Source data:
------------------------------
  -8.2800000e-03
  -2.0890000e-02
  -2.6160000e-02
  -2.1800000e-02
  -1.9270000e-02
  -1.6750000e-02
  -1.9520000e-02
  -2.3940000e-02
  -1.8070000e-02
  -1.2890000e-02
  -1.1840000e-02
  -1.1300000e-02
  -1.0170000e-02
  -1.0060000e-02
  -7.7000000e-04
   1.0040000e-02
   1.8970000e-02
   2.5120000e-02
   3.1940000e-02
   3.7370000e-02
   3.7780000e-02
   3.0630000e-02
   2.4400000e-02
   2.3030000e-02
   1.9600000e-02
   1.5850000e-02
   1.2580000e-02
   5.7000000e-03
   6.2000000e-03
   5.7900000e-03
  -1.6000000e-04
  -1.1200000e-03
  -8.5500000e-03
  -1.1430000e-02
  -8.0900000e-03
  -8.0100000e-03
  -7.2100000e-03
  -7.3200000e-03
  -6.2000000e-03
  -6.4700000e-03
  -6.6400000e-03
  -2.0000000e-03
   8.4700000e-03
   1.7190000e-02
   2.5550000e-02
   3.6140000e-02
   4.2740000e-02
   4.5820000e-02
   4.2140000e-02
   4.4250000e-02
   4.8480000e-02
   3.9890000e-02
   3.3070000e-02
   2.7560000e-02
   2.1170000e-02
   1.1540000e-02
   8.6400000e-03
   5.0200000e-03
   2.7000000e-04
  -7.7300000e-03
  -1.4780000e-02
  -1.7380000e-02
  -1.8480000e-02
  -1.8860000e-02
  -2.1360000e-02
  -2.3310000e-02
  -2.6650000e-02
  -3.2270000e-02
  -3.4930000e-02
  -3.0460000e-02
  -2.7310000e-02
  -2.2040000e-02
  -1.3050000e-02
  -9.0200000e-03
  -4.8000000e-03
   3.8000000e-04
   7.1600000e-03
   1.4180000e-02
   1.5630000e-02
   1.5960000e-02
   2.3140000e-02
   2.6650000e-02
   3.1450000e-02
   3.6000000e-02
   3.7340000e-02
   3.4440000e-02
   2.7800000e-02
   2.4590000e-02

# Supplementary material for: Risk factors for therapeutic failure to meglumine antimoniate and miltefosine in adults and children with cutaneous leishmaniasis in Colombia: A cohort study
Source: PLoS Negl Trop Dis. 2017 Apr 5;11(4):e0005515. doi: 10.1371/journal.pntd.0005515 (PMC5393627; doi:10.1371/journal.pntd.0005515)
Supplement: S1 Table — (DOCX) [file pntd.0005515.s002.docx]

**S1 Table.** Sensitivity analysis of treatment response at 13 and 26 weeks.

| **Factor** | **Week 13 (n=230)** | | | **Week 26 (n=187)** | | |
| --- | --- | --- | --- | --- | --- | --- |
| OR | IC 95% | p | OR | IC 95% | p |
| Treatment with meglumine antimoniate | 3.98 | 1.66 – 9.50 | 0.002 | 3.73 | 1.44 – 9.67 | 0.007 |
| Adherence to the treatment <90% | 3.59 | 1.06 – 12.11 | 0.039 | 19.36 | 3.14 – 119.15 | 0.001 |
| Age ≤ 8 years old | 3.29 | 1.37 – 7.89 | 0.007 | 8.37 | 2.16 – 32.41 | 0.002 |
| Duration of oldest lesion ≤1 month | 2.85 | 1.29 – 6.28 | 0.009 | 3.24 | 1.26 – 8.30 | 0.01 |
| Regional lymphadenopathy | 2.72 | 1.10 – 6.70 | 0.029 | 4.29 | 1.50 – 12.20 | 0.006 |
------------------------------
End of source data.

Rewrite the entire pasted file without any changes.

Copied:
  -8.2800000e-03
  -2.0890000e-02
  -2.6160000e-02
  -2.1800000e-02
  -1.9270000e-02
  -1.6750000e-02
  -1.9520000e-02
  -2.3940000e-02
  -1.8070000e-02
  -1.2890000e-02
  -1.1840000e-02
  -1.1300000e-02
  -1.0170000e-02
  -1.0060000e-02
  -7.7000000e-04
   1.0040000e-02
   1.8970000e-02
   2.5120000e-02
   3.1940000e-02
   3.7370000e-02
   3.7780000e-02
   3.0630000e-02
   2.4400000e-02
   2.3030000e-02
   1.9600000e-02
   1.5850000e-02
   1.2580000e-02
   5.7000000e-03
   6.2000000e-03
   5.7900000e-03
  -1.6000000e-04
  -1.1200000e-03
  -8.5500000e-03
  -1.1430000e-02
  -8.0900000e-03
  -8.0100000e-03
  -7.2100000e-03
  -7.3200000e-03
  -6.2000000e-03
  -6.4700000e-03
  -6.6400000e-03
  -2.0000000e-03
   8.4700000e-03
   1.7190000e-02
   2.5550000e-02
   3.6140000e-02
   4.2740000e-02
   4.5820000e-02
   4.2140000e-02
   4.4250000e-02
   4.8480000e-02
   3.9890000e-02
   3.3070000e-02
   2.7560000e-02
   2.1170000e-02
   1.1540000e-02
   8.6400000e-03
   5.0200000e-03
   2.7000000e-04
  -7.7300000e-03
  -1.4780000e-02
  -1.7380000e-02
  -1.8480000e-02
  -1.8860000e-02
  -2.1360000e-02
  -2.3310000e-02
  -2.6650000e-02
  -3.2270000e-02
  -3.4930000e-02
  -3.0460000e-02
  -2.7310000e-02
  -2.2040000e-02
  -1.3050000e-02
  -9.0200000e-03
  -4.8000000e-03
   3.8000000e-04
   7.1600000e-03
   1.4180000e-02
   1.5630000e-02
   1.5960000e-02
   2.3140000e-02
   2.6650000e-02
   3.1450000e-02
   3.6000000e-02
   3.7340000e-02
   3.4440000e-02
   2.7800000e-02
   2.4590000e-02

# Supplementary material for: Risk factors for therapeutic failure to meglumine antimoniate and miltefosine in adults and children with cutaneous leishmaniasis in Colombia: A cohort study
Source: PLoS Negl Trop Dis. 2017 Apr 5;11(4):e0005515. doi: 10.1371/journal.pntd.0005515 (PMC5393627; doi:10.1371/journal.pntd.0005515)
Supplement: S1 Table — (DOCX) [file pntd.0005515.s002.docx]

**S1 Table.** Sensitivity analysis of treatment response at 13 and 26 weeks.

| **Factor** | **Week 13 (n=230)** | | | **Week 26 (n=187)** | | |
| --- | --- | --- | --- | --- | --- | --- |
| OR | IC 95% | p | OR | IC 95% | p |
| Treatment with meglumine antimoniate | 3.98 | 1.66 – 9.50 | 0.002 | 3.73 | 1.44 – 9.67 | 0.007 |
| Adherence to the treatment <90% | 3.59 | 1.06 – 12.11 | 0.039 | 19.36 | 3.14 – 119.15 | 0.001 |
| Age ≤ 8 years old | 3.29 | 1.37 – 7.89 | 0.007 | 8.37 | 2.16 – 32.41 | 0.002 |
| Duration of oldest lesion ≤1 month | 2.85 | 1.29 – 6.28 | 0.009 | 3.24 | 1.26 – 8.30 | 0.01 |
| Regional lymphadenopathy | 2.72 | 1.10 – 6.70 | 0.029 | 4.29 | 1.50 – 12.20 | 0.006 |